James Allen Hardie facts for kids
Quick facts for kids
James Allen Hardie
James A. Hardie
May 5, 1823|
New York City, New York
|Died||December 14, 1876
|Mount Olivet Cemetery||
Mount Olivet Cemetery, Washington, D.C.
|Allegiance||United States of America
||United States Army
|Years of service||1843–1876|
Brevet Major General
|Battles/wars||American Civil War|
Hardie was born in New York City. He graduated from the United States Military Academy in 1843, 11th in a class of 39 cadets, and began serving with the 3rd U.S. Artillery Regiment. During the Mexican–American War, as a second lieutenant, he was detached from his regiment to serve with the 1st Regiment of New York Volunteers, for service in California and during the war with Mexico as a major. As such he became the military commandant of San Francisco. Returning to his regiment he participated in the campaigns against the Indians in Oregon and Washington Territory, and was an aide to Brig. Gen. John E. Wool. Hardie was in camp with General George Wright on Latah (Hangman's) Creek, near present-day Spokane, in 1858 when they lured Qualchan to camp and summarily hung him. Qualchan's father, Chief Owhi, who was in their custody, was later shot while trying to escape. Promoted to captain, he was serving as Adjutant General of the Department of Oregon when the American Civil War began.
Promoted to lieutenant colonel on September 28, 1861, Hardie joined the staff of Maj. Gen. George B. McClellan. During the Peninsula, Maryland, and Fredericksburg campaigns of the Civil War he was acting adjutant general of the Army of the Potomac, and on November 29, 1862, was appointed brigadier general of volunteers, but it was not confirmed by the United States Senate and the promotion was revoked on January 22, 1863. In 1863 he was appointed assistant adjutant general with the rank of major on the staff of the regular army, and on May 24, 1864, was made inspector general with the rank of colonel. On March 3, 1865, President Abraham Lincoln nominated Hardie for appointment to the grade of brevet brigadier general in the regular army to rank from March 3, 1865 and the United States Senate confirmed the appointment on March 9, 1865.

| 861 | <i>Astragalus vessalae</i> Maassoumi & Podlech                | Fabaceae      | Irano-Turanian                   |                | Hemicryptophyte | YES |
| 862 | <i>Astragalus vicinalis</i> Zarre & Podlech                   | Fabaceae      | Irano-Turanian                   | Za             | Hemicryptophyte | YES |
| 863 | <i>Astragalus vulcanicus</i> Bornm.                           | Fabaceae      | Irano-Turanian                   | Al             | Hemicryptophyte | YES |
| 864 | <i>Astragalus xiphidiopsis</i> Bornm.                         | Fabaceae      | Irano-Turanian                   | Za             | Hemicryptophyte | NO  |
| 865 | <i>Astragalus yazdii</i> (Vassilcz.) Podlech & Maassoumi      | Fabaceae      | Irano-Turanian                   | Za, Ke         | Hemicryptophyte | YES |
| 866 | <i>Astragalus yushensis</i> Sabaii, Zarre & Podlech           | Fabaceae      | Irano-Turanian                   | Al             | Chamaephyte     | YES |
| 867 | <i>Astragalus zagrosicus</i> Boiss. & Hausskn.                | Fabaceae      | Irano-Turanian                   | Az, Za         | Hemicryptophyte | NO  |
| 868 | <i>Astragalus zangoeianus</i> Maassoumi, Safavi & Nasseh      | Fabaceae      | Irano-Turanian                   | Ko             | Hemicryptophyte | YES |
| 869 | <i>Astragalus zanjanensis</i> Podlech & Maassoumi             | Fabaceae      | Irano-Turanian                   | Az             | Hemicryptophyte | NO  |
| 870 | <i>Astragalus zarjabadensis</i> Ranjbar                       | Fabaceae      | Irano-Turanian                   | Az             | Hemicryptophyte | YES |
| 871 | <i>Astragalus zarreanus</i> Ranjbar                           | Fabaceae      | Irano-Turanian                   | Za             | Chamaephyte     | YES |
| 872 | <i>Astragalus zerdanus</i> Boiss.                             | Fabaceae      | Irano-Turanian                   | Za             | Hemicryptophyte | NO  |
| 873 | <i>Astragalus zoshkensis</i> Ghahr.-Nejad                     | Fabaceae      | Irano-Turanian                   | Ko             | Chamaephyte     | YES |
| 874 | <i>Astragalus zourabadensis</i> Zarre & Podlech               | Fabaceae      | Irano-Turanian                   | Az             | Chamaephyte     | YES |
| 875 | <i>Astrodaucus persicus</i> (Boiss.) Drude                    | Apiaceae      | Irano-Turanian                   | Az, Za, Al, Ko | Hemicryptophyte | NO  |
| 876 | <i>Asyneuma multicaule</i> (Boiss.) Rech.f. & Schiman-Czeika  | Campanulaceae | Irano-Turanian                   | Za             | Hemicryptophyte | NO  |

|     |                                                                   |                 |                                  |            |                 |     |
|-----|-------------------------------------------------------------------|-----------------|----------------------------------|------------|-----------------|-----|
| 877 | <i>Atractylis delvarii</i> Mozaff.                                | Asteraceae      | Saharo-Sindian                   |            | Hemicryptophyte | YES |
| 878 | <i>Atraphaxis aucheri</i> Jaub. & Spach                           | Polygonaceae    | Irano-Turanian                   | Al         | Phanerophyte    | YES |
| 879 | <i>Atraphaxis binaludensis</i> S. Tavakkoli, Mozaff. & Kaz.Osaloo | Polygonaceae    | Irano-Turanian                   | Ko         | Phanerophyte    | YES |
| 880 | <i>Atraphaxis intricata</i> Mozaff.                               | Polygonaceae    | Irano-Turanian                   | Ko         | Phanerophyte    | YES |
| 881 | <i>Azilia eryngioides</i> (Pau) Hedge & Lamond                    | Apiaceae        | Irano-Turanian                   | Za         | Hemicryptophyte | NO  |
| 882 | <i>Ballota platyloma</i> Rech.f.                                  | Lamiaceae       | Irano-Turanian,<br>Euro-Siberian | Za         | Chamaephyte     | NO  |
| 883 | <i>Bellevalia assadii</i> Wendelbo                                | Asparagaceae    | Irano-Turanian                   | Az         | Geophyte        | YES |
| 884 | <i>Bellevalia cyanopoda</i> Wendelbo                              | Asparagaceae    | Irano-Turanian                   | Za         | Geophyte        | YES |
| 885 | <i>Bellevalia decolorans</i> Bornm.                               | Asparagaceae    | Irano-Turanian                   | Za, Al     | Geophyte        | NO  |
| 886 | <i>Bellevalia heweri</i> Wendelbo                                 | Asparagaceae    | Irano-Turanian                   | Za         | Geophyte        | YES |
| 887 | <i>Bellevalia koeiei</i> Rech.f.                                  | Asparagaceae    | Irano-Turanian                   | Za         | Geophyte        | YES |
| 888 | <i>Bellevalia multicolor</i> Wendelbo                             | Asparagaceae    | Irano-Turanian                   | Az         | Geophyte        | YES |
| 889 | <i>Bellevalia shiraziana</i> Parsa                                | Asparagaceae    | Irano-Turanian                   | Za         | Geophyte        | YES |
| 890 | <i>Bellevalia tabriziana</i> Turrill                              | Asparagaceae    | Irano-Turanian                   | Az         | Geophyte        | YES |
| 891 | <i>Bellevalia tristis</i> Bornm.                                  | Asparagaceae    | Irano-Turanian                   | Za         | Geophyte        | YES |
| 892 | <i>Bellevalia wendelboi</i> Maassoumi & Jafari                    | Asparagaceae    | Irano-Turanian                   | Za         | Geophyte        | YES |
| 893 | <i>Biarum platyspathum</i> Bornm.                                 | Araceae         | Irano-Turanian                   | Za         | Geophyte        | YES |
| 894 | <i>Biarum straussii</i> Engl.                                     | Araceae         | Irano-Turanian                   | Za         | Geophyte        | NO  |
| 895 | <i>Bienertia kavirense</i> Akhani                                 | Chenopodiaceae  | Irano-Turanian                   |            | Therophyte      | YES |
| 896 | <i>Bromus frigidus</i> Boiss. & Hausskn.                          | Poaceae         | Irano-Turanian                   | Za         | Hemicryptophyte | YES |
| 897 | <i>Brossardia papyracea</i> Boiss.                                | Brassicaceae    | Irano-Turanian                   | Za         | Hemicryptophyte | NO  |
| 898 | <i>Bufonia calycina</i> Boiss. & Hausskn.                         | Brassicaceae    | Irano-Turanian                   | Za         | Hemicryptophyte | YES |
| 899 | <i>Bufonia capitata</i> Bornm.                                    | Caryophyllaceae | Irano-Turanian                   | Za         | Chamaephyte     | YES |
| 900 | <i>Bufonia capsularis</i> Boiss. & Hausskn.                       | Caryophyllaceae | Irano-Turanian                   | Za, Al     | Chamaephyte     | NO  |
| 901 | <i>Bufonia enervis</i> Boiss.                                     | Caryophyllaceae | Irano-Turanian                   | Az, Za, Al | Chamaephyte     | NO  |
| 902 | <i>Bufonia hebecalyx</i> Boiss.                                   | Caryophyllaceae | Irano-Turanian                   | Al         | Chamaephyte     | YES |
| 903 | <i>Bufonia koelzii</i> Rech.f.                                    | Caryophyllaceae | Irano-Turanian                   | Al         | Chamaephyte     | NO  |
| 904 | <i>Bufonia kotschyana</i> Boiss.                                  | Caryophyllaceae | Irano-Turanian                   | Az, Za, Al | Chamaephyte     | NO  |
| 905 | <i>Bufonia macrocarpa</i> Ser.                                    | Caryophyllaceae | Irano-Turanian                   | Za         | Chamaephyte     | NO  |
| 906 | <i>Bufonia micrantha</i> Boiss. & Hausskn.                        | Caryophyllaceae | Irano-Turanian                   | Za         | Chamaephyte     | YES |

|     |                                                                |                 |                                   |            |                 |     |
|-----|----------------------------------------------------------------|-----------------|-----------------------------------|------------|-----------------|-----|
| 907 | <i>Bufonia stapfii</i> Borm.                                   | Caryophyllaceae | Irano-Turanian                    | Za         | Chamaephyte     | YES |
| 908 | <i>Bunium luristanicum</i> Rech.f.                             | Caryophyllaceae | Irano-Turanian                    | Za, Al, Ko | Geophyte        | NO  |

Hardie played an important administrative role in two key incidents during the war. During the Battle of Fredericksburg, he delivered the attack orders to Maj. Gen. William B. Franklin on December 13, 1862. Franklin did not conduct his attack to Maj. Gen. Ambrose E. Burnside's expectations, and Hardie has been criticized for not ensuring that the two generals understood each other correctly. On June 28, 1863, Hardie was the officer who delivered the surprise order to Maj. Gen. George G. Meade at Frederick, Maryland, appointing him commander of the Army of the Potomac, three days prior to the Battle of Gettysburg.
On March 8, 1866, President Andrew Johnson nominated Hardie to the grade of brevet major general in the regular army, to rank from March 13, 1865. The United States Senate confirmed the nomination on May 4, 1866 and reconfirmed it on July 14, 1866.
After the Civil War, Hardie served as one of the inspector generals of the Army. His military career lasted for 37 years until his death on active duty. In 1876 he was elected as a Companion of the Pennsylvania Commandery of the Military Order of the Loyal Legion of the United States.
He died in Washington, D.C., and is buried in Green-Wood Cemetery, Brooklyn, New York.
James Allen Hardie Facts for Kids. Kiddle Encyclopedia.